Until now, the only other documented human case of Lagenidium infection had been an ocular infection that occurred in a patient in Thailand [17]. There was one other suspected case of a Lagenidium infection in a human patient that was published in an abstract in 2004 [18]. The patient presented with chronic cellulitis of the lower extremity, and initially the organism was identified as Lagenidium sp. However, subsequent analysis revealed the organism was actually Paralagenidium karlingii, which represented a new genus within the oomycete class.

Ultimately, there are no established guidelines for treating Lagenidium infections in humans because they are exceedingly rare. In an in vitro study, the growth of Lagenidium sp. was found to be reduced by caspofungin and terbinafine, although the magnitude of inhibition was only moderate [19]. In this same study, itraconazole, posaconazole, and voriconazole had limited activity against Lagenidium. Limited activity of azole antifungals is to be expected since oomycete cell membranes contain minimal ergosterol. On the other hand, susceptibility to caspofungin is plausible, as the cell wall of Lagenidium sp. contains abundant β-glucans, and caspofungin acts via inhibition of β (1,3)-d-glucan synthase. The mechanism of susceptibility to terbinafine is hypothesized to be from toxic intracellular accumulation of squalene [19].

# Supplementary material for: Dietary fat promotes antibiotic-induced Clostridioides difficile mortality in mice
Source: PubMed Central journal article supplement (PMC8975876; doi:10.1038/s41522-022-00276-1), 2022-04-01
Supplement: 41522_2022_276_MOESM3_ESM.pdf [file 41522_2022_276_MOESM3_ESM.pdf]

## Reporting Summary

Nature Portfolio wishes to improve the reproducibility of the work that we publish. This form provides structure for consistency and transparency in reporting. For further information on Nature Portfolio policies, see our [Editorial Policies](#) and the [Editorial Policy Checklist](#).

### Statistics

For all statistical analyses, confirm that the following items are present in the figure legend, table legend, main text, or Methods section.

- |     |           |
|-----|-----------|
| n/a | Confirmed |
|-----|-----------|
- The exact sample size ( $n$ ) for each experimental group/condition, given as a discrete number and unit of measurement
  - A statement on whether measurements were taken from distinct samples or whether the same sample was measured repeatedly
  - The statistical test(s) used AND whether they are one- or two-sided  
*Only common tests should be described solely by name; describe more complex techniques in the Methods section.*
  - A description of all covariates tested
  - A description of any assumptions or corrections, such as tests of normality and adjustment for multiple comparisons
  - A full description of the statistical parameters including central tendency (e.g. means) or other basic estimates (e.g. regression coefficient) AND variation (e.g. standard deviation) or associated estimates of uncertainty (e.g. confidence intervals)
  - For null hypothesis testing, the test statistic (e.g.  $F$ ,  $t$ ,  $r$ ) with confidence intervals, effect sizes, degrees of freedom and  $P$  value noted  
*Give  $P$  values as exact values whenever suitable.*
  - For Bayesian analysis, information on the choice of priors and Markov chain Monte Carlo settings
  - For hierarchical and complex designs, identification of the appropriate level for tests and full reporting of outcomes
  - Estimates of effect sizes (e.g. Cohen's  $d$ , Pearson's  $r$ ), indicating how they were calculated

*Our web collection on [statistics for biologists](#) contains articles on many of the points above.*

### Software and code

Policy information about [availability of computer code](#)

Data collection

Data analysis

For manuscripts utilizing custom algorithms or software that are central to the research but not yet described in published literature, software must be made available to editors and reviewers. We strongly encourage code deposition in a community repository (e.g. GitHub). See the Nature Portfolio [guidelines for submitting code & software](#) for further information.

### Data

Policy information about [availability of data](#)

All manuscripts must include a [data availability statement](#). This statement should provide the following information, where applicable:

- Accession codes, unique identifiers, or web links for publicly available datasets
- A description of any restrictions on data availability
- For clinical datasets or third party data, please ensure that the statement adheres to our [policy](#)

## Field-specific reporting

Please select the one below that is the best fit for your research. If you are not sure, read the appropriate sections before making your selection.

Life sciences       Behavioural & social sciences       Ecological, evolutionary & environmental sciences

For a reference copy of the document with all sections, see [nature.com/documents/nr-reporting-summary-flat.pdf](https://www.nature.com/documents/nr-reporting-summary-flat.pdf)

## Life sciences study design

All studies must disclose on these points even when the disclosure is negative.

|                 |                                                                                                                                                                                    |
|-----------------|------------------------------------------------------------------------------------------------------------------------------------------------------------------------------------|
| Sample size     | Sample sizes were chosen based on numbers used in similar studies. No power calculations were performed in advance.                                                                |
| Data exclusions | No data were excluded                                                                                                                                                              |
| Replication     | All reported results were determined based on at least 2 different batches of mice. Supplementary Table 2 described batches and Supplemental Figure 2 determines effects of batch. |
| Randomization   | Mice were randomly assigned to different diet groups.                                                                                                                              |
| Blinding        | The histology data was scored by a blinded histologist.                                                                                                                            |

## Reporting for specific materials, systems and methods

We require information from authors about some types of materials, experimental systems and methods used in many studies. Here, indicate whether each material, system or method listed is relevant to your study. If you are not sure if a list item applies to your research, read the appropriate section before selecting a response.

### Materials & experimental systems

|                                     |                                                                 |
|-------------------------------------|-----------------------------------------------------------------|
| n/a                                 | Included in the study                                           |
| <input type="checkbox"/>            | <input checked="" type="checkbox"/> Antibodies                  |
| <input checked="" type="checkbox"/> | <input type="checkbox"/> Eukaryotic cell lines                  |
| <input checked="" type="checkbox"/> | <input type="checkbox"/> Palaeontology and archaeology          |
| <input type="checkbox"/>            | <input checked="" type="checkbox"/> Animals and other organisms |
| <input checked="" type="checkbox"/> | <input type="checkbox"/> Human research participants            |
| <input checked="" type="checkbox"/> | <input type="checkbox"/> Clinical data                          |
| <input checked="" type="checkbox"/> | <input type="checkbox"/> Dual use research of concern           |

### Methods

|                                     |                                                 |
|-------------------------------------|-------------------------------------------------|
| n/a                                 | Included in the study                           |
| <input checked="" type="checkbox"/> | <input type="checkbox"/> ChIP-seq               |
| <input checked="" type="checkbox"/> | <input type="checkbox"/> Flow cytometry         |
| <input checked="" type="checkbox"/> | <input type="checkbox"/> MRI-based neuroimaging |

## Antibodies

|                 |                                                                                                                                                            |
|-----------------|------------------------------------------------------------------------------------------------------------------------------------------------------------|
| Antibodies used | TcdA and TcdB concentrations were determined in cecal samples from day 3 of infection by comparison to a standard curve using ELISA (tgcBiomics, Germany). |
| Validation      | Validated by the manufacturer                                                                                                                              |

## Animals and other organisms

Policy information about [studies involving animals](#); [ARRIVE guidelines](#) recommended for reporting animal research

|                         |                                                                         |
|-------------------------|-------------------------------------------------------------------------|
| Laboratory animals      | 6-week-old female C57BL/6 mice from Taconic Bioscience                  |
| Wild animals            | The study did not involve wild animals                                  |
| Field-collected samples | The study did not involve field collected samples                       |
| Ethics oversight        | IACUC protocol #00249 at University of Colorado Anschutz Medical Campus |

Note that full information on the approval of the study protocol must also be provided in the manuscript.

In veterinary medicine, drug therapy has not been successful in treating Lagenidium infections. Early aggressive surgical resection with wide margins is the mainstay of treatment [9]. In a case series of six infected dogs, three of the dogs were treated with trials of antifungal and antibiotic therapy (including combinations of amphotericin B, itraconazole, terbinafine, enrofloxacin, cephalexin, amoxicillin-clavulanic acid, and lufenuron), none of which were successful [2]. Two of the dogs died due to great vessel rupture, and the other four were euthanized due to progressive disease. In a subsequent case report, a dog presented with a mandibular mass secondary to Lagenidium giganteum forma caninum infection. Despite surgical resection, itraconazole, prednisone and hyperbaric oxygen therapy, the mass invaded the calvaria and caused severe meningoencephalitis [20].

Based on similarity of presentation, treatment of lagenidiosis may be approached similarly to treatment of pythiosis in humans as both microorganisms are aquatic oomycetes typically found in subtropical and tropical regions. The mainstay of management for pythiosis is also surgical intervention, as the organism is often resistant to medical treatment [3]. For unresectable disease, prolonged combination treatment with itraconazole and terbinafine has been successful [21]. Adjunctive antibacterial agents have also successfully treated patients, including combinations of doxycycline with a macrolide and itraconazole or voriconazole [11].